The lake of crakes

I went out to a reservoir near Hania today. The guide to birdwatching in Crete listed, among the possible birds for the site, Little Crake, Spotted Crake and Baillon’s Crake. I’ve never seen any of those before, but I didn’t get my hopes up because all the crakes are notoriously difficult to see; they skulk.

So I arrived and pretty much the first thing I saw? A crake! In full view! And I had one of those panicky moments of trying to put down the telescope in a controlled fashion and get a proper look at the bird and check the field guide, all at the same time, thinking I had to make use of my lucky moment, while the crake just kept pottering about at the edge of the reeds. After I’d had a long look at it and decided it was Little Crake (plain blue underside and no barring on the flanks, since you ask) I had a quick check in the other direction along the lake, and there was another one! And it became apparent that not only were they not bothering to skulk, they were extremely approachable. I now have lots and lots of blurry crake photos. I don’t know how many individual birds there were – maybe eight, in total? – but I certainly had incredible views of them. All the same species, but it would be churlish to complain about that.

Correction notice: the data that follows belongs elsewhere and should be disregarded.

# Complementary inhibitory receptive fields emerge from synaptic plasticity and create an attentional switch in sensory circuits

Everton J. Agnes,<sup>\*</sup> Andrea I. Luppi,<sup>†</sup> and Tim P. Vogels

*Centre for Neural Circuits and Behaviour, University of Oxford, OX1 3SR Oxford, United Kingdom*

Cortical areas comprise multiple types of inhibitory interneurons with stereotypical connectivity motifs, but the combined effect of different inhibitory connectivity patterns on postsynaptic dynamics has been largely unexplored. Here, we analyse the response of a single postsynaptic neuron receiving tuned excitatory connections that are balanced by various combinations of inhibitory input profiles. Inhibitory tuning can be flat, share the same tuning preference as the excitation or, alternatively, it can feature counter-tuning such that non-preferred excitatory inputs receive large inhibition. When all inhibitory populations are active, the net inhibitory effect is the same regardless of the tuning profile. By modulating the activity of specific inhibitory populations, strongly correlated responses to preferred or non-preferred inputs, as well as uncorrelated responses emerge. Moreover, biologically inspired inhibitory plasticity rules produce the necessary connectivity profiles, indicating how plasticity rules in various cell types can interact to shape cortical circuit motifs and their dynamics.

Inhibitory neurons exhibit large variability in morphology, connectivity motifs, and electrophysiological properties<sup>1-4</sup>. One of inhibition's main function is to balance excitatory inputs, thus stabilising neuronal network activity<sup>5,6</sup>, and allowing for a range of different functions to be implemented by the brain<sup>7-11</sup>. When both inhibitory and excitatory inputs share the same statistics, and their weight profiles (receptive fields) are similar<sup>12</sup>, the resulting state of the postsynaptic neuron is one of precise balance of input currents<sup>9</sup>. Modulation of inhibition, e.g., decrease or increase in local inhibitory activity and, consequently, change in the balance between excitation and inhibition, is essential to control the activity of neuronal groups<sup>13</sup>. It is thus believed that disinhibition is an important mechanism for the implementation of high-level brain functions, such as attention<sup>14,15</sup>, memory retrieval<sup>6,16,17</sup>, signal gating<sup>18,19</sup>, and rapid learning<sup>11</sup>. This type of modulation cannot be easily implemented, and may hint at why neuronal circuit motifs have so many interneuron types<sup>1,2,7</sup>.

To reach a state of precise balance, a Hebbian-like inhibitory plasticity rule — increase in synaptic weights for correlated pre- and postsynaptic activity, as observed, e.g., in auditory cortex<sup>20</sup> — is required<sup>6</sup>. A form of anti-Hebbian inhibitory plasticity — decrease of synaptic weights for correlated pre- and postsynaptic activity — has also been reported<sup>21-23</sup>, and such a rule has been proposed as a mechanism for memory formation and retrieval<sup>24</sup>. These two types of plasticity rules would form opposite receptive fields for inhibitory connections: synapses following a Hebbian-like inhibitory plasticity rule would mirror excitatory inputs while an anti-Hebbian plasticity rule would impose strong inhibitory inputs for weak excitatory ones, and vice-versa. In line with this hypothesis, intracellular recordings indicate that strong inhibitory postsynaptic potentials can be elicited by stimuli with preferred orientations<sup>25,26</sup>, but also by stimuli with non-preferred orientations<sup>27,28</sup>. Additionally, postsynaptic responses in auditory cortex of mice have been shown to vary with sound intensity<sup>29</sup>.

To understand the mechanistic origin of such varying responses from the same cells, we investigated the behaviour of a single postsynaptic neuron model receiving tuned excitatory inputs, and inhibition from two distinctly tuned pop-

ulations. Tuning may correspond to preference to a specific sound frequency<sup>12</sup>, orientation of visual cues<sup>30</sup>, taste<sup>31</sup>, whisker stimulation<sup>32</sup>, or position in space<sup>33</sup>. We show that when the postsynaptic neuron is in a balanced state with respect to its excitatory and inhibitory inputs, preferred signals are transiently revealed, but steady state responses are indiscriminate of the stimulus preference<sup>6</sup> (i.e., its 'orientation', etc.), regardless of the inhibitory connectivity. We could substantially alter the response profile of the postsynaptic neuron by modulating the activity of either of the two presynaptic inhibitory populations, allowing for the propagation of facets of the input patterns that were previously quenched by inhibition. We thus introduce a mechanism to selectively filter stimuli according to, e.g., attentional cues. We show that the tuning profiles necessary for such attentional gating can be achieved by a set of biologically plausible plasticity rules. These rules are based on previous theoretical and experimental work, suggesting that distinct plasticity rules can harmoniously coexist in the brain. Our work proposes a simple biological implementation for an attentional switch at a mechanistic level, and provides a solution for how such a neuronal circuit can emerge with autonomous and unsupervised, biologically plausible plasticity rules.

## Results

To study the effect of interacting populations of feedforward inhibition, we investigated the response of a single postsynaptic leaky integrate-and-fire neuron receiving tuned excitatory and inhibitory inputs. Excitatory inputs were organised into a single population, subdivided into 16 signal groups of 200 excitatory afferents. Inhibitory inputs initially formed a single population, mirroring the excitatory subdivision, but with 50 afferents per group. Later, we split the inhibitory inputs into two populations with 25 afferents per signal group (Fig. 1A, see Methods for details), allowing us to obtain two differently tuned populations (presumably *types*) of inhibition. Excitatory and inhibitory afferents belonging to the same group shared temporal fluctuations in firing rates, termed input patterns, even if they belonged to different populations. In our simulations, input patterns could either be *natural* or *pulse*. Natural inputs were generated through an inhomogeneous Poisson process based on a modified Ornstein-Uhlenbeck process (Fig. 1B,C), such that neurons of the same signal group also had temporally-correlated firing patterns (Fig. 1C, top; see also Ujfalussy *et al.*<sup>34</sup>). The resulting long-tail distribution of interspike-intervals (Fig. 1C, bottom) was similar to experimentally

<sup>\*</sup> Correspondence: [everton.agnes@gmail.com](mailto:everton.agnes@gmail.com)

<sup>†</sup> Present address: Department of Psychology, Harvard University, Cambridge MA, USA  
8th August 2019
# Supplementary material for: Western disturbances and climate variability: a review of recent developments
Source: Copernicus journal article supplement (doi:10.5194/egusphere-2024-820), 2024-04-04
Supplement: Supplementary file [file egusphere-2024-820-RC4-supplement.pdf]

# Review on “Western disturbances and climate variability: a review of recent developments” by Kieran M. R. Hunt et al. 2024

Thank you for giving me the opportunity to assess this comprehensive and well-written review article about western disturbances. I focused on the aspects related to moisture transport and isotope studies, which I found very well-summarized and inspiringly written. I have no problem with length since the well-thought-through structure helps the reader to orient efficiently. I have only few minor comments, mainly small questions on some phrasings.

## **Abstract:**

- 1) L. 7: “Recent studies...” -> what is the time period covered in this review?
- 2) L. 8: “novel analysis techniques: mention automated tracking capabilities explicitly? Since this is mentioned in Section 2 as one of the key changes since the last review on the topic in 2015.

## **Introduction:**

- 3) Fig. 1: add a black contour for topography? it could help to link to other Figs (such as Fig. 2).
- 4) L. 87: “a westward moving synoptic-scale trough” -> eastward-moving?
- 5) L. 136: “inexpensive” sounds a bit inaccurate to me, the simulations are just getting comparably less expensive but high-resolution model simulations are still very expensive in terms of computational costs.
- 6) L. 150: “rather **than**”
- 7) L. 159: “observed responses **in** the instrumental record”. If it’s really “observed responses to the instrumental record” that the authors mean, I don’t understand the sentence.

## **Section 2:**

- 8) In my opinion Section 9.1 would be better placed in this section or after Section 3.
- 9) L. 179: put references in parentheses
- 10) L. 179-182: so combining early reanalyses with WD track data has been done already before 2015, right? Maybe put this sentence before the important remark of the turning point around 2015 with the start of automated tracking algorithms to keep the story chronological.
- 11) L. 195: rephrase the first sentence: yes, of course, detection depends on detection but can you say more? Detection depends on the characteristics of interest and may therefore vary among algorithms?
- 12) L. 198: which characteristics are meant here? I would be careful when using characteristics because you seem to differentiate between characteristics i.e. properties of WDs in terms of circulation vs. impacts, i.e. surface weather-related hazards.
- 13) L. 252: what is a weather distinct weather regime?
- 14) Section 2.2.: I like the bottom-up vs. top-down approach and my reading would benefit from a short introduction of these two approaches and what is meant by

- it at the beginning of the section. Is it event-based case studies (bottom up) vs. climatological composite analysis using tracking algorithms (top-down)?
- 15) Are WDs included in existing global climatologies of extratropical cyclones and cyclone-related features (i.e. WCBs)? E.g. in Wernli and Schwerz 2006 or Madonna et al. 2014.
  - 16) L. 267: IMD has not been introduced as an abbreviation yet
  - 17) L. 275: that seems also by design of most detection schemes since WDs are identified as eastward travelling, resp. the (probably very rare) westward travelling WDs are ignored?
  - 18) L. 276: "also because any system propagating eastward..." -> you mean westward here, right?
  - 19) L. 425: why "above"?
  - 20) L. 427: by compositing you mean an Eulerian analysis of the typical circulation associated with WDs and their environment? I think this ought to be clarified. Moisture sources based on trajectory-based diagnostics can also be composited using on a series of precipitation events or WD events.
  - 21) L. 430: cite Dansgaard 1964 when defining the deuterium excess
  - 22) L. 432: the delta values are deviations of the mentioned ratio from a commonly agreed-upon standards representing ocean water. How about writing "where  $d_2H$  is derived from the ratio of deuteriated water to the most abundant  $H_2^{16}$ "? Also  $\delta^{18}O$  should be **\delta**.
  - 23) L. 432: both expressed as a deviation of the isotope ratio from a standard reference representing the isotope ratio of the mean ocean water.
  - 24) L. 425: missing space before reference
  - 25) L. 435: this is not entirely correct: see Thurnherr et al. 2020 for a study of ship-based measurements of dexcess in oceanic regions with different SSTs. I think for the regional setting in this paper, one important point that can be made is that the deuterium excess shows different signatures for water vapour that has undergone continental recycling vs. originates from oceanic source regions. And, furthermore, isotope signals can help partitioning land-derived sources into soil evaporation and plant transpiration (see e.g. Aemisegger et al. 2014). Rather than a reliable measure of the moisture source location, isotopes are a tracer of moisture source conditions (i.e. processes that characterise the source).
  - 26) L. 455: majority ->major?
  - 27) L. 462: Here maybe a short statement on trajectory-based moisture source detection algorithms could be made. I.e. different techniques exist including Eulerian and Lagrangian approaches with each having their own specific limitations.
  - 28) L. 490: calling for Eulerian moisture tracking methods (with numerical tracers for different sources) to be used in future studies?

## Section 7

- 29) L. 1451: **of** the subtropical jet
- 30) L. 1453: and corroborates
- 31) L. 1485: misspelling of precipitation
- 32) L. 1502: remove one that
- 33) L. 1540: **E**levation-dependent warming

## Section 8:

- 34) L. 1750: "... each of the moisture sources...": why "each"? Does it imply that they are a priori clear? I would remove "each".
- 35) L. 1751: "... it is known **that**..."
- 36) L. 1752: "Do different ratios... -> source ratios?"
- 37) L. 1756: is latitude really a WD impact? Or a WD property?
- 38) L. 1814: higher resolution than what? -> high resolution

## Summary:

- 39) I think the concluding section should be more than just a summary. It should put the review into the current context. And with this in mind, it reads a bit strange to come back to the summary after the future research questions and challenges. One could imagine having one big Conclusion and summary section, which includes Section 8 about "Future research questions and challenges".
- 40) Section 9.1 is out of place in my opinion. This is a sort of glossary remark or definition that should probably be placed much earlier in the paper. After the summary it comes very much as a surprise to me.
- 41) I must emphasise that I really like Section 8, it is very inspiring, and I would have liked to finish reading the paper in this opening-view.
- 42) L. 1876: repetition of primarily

I can only assume that they are so tame because they’re on migration and their priority is eating furiously to get their strength up. From Africa to, say, Poland is a long way to fly for a little bird with stubby wings. I also got incredibly good views of a Little Bittern that just sat and looked at me as I approached instead of ducking into the reeds. Again, it was probably knackered from all the flying.

Being in Crete at the moment really brings home the scale of migration. The whole island is full of birds, but nearly all of them are just passing through. Even many species which are common all over Europe – hoopoe, cuckoo, grey
heron, little egret – don’t breed on Crete. I’ve seen all those species, and if I didn’t have a birdwatching guide to Crete with me I’d assume they were residents, but they’re all on their way somewhere else.

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